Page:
Another common belief is that contamination is one of the most dangerous health hazards. Therefore, Italians might tend to avoid sharing different things with individuals who are perceived to be unclean. Moreover, they might refuse to share a hospital’s room with such people. Also, Italian women have some superstitions related to pregnancy. For example, they believe that they have to eat food that they smell or should avoid certain moves to prevent miscarriage.

Barriers to Competent Health Care

Professional care providers should be aware of the existing cultural barriers that might affect delivering their services. First, Italians are strongly influenced by their religion. They believe that their faith helps them to restore health. Moreover, there are many fatalists in this community. This factor might turn into a barrier as they believe that terminal diseases are the manifestation of the will of God. For this reason, they might refuse to not only discuss their condition but also follow a prescribed treatment plan. Second, there may be a serious problem posed by the social peculiarities of the Italians. They may prefer not to address a hospital if they anticipate anxiety.

This barrier is rather crucial since healthcare workers need to have access to patients’ medical records and listen to their complaints in order to create an effective plan of treatment. As Cavalieri (2013) remarks, there are several vulnerable groups among the Italians whose health needs are not sufficiently met: low-income citizens, females, individuals living in distant regions, young people, and those who are divorced or widowed. The third significant barrier concerns gender issues. Female Italians may refuse to visit a male doctor due to the fear of exposing their body. If the only specialist available belongs to the opposite sex, the woman may choose not to use his services, which may lead to adverse health outcomes. Thus, healthcare employees should be aware of the Italians’ preferences and superstitions to be able to avert them and provide patients with the highest level of care.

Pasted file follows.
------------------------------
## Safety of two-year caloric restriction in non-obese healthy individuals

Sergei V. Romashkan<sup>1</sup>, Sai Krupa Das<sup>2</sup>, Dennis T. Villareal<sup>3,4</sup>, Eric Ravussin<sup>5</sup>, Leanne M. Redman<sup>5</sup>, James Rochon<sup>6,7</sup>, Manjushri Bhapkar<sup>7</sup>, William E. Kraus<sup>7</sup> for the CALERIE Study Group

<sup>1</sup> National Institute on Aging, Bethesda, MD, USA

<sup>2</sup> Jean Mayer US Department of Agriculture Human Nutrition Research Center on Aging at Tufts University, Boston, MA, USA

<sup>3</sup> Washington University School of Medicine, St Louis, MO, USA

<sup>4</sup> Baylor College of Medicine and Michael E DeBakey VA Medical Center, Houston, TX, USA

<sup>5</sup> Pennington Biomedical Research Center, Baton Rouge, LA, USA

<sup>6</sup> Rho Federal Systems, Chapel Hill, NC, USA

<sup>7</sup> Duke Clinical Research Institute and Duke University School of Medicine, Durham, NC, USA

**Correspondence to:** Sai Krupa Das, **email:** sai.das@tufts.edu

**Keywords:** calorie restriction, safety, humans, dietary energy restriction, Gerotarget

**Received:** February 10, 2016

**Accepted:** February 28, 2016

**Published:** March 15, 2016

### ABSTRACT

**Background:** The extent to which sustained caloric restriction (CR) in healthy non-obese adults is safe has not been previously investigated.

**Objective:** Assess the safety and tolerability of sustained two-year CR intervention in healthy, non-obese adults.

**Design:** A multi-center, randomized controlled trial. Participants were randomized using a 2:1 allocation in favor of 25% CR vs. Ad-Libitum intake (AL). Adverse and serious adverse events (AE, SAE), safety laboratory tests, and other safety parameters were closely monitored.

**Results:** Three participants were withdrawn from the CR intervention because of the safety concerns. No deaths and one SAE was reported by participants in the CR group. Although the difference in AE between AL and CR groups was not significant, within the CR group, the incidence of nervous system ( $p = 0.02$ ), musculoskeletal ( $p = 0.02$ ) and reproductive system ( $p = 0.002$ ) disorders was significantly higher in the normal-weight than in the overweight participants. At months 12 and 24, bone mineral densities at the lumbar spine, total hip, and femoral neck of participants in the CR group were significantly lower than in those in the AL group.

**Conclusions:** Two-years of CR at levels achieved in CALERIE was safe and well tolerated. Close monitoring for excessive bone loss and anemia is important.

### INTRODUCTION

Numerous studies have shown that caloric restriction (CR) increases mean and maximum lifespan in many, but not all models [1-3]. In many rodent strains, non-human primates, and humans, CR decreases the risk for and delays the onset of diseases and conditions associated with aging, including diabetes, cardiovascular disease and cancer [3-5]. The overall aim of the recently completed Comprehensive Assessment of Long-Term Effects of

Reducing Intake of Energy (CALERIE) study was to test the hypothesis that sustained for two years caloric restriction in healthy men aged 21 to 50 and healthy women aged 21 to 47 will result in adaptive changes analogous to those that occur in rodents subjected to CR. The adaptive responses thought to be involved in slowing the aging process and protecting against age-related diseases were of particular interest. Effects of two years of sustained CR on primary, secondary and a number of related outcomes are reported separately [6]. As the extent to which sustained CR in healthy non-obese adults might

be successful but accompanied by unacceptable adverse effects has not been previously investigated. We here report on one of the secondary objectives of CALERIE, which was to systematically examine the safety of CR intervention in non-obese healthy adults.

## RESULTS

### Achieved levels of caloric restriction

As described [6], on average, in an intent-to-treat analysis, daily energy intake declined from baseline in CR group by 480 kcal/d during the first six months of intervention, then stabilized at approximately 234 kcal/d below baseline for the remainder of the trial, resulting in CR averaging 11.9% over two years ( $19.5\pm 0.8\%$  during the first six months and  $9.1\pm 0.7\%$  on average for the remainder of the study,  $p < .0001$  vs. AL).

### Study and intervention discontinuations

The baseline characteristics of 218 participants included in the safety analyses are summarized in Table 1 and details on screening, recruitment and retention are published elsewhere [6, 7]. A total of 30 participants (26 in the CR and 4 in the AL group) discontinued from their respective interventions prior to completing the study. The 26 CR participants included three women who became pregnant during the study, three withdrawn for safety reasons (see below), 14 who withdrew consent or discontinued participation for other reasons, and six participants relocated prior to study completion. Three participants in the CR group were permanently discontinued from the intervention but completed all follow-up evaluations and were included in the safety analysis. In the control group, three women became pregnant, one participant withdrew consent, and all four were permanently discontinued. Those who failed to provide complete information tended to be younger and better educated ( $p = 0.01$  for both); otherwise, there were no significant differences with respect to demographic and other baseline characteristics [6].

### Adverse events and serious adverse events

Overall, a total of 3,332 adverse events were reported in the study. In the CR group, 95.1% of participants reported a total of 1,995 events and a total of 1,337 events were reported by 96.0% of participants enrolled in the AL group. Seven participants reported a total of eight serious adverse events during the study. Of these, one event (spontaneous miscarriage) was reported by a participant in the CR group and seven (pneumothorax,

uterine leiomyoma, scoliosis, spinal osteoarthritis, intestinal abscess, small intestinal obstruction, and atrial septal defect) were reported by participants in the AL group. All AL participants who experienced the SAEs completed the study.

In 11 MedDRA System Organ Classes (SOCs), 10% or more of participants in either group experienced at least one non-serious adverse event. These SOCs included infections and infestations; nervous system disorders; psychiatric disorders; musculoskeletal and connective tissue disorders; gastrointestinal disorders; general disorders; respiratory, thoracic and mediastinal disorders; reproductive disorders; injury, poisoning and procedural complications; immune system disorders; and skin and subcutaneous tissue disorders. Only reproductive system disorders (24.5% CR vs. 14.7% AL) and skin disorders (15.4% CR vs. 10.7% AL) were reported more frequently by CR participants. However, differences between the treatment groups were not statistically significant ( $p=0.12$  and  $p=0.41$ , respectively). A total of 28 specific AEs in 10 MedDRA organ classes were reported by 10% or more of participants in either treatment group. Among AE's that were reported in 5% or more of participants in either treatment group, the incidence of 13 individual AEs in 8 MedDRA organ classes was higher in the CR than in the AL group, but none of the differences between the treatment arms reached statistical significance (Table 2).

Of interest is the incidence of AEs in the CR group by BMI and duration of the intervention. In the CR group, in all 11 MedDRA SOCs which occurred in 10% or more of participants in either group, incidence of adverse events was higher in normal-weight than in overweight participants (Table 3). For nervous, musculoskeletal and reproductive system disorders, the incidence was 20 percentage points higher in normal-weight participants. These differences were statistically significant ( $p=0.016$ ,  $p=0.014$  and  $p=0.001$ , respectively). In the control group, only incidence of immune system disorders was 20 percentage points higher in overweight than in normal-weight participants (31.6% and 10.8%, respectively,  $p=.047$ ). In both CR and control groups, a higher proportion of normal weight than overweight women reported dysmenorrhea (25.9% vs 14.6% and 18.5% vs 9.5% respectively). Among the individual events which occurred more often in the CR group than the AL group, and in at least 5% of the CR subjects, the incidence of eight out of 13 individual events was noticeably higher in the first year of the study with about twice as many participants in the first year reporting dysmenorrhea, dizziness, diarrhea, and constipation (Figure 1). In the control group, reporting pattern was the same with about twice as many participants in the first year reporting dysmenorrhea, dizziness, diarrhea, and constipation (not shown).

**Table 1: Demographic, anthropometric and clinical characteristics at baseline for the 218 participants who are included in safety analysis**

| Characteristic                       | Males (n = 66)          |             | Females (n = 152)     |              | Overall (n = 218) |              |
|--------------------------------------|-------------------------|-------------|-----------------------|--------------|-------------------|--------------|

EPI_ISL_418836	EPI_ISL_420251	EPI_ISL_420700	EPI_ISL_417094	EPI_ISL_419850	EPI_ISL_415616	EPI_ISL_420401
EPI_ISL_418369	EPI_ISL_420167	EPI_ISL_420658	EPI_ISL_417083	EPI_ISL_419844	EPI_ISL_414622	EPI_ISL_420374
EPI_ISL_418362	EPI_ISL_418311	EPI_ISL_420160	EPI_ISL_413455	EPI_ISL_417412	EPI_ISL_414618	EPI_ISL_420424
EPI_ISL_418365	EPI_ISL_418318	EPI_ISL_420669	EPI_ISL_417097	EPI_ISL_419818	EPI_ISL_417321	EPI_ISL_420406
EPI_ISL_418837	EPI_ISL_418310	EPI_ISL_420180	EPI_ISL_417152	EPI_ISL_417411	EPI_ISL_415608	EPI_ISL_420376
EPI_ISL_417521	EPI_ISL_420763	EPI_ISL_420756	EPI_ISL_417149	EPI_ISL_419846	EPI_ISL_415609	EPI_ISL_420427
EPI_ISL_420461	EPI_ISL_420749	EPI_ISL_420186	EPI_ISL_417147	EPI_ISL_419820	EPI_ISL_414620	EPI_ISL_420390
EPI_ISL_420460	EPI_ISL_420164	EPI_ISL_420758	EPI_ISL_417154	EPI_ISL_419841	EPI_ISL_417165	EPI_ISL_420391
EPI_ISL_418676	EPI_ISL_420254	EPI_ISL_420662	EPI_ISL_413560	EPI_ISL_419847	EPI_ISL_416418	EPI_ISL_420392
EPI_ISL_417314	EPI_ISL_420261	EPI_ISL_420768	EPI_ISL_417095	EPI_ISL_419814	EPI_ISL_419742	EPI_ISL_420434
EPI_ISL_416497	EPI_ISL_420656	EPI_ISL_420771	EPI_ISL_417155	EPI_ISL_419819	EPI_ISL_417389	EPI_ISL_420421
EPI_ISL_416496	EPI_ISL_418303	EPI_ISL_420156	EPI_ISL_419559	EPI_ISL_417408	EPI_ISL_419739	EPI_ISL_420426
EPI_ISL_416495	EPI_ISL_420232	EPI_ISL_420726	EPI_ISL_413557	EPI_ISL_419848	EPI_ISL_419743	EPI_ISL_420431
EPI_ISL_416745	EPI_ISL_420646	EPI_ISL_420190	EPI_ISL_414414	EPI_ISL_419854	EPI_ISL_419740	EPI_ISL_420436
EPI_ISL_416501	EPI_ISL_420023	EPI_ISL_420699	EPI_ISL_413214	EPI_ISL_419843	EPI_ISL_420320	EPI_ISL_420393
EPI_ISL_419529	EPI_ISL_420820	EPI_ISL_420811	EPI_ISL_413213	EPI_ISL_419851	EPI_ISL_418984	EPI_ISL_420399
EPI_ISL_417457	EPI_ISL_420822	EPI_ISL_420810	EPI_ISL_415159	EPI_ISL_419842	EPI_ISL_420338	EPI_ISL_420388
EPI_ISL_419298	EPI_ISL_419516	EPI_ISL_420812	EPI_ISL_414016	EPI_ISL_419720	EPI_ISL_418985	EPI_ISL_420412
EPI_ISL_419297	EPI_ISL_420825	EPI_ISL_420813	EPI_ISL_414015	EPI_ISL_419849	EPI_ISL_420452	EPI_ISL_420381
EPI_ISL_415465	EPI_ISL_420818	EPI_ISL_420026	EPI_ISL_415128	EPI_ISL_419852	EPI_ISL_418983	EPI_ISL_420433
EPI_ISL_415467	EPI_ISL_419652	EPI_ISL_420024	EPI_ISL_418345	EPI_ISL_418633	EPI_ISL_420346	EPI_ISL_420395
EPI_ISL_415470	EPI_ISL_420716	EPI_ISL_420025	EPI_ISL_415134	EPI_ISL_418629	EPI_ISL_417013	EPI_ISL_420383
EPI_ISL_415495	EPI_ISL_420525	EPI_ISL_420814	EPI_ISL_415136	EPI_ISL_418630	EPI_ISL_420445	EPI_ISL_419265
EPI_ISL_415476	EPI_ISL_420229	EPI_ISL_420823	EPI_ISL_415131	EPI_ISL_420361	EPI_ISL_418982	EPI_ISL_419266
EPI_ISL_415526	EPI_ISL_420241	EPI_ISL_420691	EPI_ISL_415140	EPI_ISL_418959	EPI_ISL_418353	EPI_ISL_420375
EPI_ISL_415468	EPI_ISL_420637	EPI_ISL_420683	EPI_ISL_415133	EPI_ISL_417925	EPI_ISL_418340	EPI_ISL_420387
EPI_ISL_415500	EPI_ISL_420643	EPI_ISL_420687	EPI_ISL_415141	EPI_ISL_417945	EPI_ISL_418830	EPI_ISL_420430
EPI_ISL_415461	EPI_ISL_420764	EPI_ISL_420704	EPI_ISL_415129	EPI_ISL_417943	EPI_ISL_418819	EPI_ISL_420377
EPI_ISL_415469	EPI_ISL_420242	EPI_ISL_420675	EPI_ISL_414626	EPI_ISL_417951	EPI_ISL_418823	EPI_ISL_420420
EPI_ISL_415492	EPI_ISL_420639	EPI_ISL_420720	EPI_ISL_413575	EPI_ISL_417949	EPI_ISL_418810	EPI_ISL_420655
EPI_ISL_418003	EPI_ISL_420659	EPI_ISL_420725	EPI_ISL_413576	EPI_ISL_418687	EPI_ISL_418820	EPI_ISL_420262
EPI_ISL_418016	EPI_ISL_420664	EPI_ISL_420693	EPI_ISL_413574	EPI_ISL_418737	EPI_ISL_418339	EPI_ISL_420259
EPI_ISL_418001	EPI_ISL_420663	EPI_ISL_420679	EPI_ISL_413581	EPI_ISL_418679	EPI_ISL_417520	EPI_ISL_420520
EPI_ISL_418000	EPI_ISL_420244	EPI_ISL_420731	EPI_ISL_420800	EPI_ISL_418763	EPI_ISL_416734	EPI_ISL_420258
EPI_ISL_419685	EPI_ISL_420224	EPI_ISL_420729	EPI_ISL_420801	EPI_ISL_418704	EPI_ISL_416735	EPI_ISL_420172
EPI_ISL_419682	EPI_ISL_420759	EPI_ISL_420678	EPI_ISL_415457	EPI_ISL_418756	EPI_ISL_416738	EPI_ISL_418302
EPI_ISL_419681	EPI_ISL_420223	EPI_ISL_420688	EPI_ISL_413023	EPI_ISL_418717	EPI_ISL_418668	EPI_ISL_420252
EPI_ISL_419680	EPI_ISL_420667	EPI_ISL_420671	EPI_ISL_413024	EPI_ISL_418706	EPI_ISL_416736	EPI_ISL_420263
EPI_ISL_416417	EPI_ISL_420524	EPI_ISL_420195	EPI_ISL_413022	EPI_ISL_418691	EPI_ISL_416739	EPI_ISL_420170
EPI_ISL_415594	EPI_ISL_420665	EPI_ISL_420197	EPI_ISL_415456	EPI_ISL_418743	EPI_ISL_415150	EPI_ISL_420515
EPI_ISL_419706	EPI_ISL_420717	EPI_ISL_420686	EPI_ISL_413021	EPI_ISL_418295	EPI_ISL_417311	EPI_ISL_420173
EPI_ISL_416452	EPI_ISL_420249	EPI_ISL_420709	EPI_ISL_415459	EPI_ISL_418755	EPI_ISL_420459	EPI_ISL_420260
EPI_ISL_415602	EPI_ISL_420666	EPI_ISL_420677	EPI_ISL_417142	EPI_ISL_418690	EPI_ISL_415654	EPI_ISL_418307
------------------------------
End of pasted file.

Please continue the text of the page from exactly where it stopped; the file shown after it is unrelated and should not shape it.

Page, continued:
Potential Ethical Dilemma

Taking into consideration the above-mentioned facts, some ethical dilemmas related to delivering care might take place. One of the most common problems of this kind is a refusal to continue or agree to the treatment due to religious beliefs. When a patient refuses all care, medical personnel have to resolve an ethical dilemma. On the one hand, each patient has a right of making autonomous choices. On the other hand, clinicians feel the need to abide by principles of beneficence and non-maleficence. Hence, different values come into conflict. For some nurses, for instance, it may be hard to agree with patients’ decision to forgo treatment regardless of their ability to assess the situation (Ingravallo, Sandroni, D’Addio, & Miccinesi, 2015). In this case, each situation may present a different possible solution. End-of-life care is the topic of debate in Italy, where this area of care was grey until 2017 when adults were granted the freedom to decide end-of-life medical care (Podoledo, 2017). These examples show a dismissal of patients’ autonomy from the clinicians’ side.

Another perspective reveals neglect from the patient’s side. The influence of religion on Italians leads to them still using practices that were created centuries ago and did not change under the force of innovation and technology (Romeo, Gallo, & Tagarelli, 2015). For example, blessings and healing prayers are still essential to Italian culture. Some Italians still use sacred objects and follow rituals to heal their ailments (Romeo et al., 2015). The prioritization of these methods over modern health care should be addressed in education and training of personnel. Medical workers should have sufficient cultural knowledge to deal with these situations and avoid conflicts with patients while helping them get better.